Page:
The Woman in Black

Christophe gets swept away by the character he is playing, terrifying himself (and us) as he loses control of his own narrative.
Cheltenham Center for the Arts, 439 Ashbourne Rd., Cheltenham, through April 6, 379-4660.

In an empty Victorian theater, Arthur Kipps (Tom Teti) has sought the assistance of a professional actor (Robert Christophe) to coach him in telling the story of a ghostly encounter he has had. The actor persuades him not just to read the story aloud to his friends and relatives as he had originally intended (to purge himself of the trauma of the experiences he is narrating) but rather to act the story out, with the actor playing Kipps and Kipps playing everyone else.

The story they enact on the empty stage to an empty auditorium (we, of course, pretend that we're not there) is virtually all there is to The Woman in Black, Stephen Mallatratt's adaptation of Susan Hill's popular novel, which has been playing in London's West End for close to a decade.

Fortunately, it's a reasonably good Victorian-style ghost story -- good enough, at least -- with graveyards, marshes, quicksand, a gloomy mansion cut off from the mainland at high tide, and the mysterious figure of an ashen woman dressed in black. I'd be more wary about giving away the surprises if there were any real surprises to give away.

And, even more fortunately, the story is cleanly and effectively staged by Ken Marini at Cheltenham, with just enough deadpan earnestness to suck the audience in when it has to.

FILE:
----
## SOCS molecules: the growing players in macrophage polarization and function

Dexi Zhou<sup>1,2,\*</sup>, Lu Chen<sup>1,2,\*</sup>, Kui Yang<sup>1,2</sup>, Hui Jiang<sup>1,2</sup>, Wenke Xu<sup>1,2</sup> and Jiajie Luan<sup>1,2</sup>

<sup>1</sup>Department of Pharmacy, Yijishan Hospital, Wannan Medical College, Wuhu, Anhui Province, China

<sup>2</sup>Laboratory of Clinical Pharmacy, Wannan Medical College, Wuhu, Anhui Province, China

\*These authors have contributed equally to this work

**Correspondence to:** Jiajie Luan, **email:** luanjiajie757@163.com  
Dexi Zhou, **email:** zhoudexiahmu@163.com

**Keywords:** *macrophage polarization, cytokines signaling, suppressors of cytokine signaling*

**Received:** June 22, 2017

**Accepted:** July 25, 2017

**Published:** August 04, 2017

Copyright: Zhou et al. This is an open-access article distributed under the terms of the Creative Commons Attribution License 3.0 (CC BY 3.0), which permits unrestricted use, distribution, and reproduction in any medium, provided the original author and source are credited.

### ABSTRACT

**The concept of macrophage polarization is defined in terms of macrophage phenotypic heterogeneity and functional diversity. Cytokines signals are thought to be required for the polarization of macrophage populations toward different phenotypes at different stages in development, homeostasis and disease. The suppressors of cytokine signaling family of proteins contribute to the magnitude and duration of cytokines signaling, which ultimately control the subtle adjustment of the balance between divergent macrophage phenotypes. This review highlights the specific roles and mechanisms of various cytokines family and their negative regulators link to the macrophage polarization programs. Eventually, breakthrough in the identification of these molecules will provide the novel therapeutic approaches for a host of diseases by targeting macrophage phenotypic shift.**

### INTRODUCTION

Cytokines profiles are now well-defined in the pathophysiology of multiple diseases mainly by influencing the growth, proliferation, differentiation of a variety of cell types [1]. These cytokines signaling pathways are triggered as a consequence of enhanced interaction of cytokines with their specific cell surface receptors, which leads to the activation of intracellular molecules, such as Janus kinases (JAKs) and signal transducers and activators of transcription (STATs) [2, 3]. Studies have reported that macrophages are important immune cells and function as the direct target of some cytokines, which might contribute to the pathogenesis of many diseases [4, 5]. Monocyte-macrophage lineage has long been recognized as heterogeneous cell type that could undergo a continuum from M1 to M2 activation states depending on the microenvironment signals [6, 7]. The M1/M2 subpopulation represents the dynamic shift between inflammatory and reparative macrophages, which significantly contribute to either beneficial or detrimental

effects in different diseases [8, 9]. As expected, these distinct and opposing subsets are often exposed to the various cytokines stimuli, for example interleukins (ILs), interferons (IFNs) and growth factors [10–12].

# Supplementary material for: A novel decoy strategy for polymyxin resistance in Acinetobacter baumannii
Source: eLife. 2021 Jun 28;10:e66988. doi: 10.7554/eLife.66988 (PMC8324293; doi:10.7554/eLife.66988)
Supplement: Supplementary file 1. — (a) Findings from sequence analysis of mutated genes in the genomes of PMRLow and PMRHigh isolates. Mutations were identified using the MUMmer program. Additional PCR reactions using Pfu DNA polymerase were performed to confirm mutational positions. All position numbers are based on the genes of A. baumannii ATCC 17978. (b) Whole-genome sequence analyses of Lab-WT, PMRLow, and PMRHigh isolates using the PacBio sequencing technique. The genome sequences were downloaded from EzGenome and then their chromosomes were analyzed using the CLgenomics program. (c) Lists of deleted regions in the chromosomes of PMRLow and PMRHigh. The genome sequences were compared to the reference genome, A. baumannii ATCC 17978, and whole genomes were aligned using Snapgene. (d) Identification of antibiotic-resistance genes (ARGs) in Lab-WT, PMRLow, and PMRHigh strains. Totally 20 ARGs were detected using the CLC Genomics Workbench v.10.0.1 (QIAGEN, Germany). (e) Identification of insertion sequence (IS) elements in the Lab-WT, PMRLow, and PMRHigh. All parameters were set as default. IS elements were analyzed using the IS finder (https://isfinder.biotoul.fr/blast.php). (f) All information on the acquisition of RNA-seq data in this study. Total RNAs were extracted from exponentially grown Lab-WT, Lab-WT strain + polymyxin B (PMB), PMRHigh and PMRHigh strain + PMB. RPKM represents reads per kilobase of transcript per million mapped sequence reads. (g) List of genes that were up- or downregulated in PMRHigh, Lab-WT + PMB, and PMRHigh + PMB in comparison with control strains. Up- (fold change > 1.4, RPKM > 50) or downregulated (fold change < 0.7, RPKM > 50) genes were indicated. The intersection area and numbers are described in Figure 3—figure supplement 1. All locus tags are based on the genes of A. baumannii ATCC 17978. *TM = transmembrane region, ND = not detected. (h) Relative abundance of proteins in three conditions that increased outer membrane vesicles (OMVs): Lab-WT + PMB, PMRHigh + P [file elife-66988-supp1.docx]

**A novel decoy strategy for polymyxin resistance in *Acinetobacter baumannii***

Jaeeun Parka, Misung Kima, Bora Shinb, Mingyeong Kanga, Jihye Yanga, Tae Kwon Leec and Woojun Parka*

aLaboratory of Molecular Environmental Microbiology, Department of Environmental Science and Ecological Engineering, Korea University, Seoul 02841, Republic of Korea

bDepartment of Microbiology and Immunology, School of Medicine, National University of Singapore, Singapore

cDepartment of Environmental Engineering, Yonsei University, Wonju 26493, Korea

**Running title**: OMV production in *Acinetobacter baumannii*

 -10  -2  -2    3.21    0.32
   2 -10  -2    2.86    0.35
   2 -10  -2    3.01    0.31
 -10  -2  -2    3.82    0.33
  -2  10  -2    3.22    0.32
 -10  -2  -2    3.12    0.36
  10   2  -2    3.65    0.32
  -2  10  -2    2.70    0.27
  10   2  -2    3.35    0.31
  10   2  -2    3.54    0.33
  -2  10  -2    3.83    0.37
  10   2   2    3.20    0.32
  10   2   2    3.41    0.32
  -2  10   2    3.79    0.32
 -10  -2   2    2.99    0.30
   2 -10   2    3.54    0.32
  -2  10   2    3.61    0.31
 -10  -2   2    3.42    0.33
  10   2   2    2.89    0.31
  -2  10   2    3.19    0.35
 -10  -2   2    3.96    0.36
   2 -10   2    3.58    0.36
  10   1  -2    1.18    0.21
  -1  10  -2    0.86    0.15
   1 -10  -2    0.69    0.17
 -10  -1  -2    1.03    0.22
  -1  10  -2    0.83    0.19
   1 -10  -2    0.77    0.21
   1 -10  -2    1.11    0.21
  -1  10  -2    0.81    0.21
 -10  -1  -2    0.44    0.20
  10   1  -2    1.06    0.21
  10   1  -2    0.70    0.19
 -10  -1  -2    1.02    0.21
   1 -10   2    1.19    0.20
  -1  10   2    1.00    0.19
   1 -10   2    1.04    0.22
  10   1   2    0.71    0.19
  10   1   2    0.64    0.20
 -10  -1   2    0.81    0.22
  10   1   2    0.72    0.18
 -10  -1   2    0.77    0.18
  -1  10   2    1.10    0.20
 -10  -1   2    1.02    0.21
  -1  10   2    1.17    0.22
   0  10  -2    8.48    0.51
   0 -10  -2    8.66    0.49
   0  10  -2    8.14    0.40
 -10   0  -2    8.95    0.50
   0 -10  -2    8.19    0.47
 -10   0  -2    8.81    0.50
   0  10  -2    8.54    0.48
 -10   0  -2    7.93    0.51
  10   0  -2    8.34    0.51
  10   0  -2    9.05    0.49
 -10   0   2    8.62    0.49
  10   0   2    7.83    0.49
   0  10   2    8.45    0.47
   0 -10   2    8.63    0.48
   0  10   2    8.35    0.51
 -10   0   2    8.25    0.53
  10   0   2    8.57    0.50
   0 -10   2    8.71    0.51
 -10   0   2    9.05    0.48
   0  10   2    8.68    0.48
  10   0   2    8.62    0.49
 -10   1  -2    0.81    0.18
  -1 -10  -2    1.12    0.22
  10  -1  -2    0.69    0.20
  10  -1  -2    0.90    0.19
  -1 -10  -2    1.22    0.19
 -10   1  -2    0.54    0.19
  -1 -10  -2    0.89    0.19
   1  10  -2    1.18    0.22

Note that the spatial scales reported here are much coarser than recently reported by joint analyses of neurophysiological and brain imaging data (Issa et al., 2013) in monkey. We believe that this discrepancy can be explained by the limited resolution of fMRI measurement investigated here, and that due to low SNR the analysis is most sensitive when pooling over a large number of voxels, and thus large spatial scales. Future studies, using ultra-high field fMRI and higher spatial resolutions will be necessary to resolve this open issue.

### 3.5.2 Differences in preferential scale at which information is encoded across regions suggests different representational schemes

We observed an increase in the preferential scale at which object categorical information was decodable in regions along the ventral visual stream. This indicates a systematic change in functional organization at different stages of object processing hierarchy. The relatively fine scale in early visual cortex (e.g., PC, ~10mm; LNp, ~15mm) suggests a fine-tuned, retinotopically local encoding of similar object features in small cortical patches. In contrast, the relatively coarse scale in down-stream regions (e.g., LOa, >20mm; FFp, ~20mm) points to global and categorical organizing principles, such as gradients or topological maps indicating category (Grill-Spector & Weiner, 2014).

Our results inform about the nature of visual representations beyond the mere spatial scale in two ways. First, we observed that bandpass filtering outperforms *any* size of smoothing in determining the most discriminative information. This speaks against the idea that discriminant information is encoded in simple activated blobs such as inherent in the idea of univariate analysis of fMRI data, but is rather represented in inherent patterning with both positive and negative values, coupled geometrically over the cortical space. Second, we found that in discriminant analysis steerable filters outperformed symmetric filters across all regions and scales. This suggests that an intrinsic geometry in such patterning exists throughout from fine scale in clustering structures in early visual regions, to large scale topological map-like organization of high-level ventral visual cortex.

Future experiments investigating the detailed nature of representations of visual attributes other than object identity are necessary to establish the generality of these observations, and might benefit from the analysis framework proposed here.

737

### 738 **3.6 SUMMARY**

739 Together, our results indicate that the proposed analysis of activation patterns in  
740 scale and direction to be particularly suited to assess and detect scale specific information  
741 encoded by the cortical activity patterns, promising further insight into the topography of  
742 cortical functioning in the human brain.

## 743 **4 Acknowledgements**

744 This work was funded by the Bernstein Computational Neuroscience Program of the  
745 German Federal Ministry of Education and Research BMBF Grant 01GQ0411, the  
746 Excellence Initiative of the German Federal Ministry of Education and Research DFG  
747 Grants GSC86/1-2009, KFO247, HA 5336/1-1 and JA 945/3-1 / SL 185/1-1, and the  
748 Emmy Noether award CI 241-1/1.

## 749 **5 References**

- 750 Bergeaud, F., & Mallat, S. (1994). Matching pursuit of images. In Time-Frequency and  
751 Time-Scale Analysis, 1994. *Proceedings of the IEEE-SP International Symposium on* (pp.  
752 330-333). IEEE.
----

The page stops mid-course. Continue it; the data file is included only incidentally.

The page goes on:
And that's about it.

Well, not entirely. "Draw on your emotions," the actor tells Kipps, as he begins to read his story, leadenly, aloud, "and on our imaginations."The Woman in Black asks us to consider the nature of the character's emotions, and the emotions that the actor is able to recreate; and it asks us to compare our own imaginations -- the theatrical imagination that lets us turn a trunk and a fruit crate into a pony and trap, and empty space into a dog -- with the imagination of the characters -- an imagination that would enable them to believe that the figure in black might be a ghost, and that the dangers to their health and sanity and loved ones may not yet be over.

Mind you, Mallatratt's play doesn't do all that much with this. But Teti and Christophe do, through the sheer conviction of their acting: Teti, in his transformation from tongue-tied narrator into emotionally engaged character actor; and Christophe, as the Actor, gets swept away by the character he is playing, terrifying himself (and us) as he loses control of his own narrative.

It may not be much of a story. But the issues raised by the storytelling itself tell another, more interesting, story -- a story that's worth telling and worth listening to.

-- Cary M. Mazer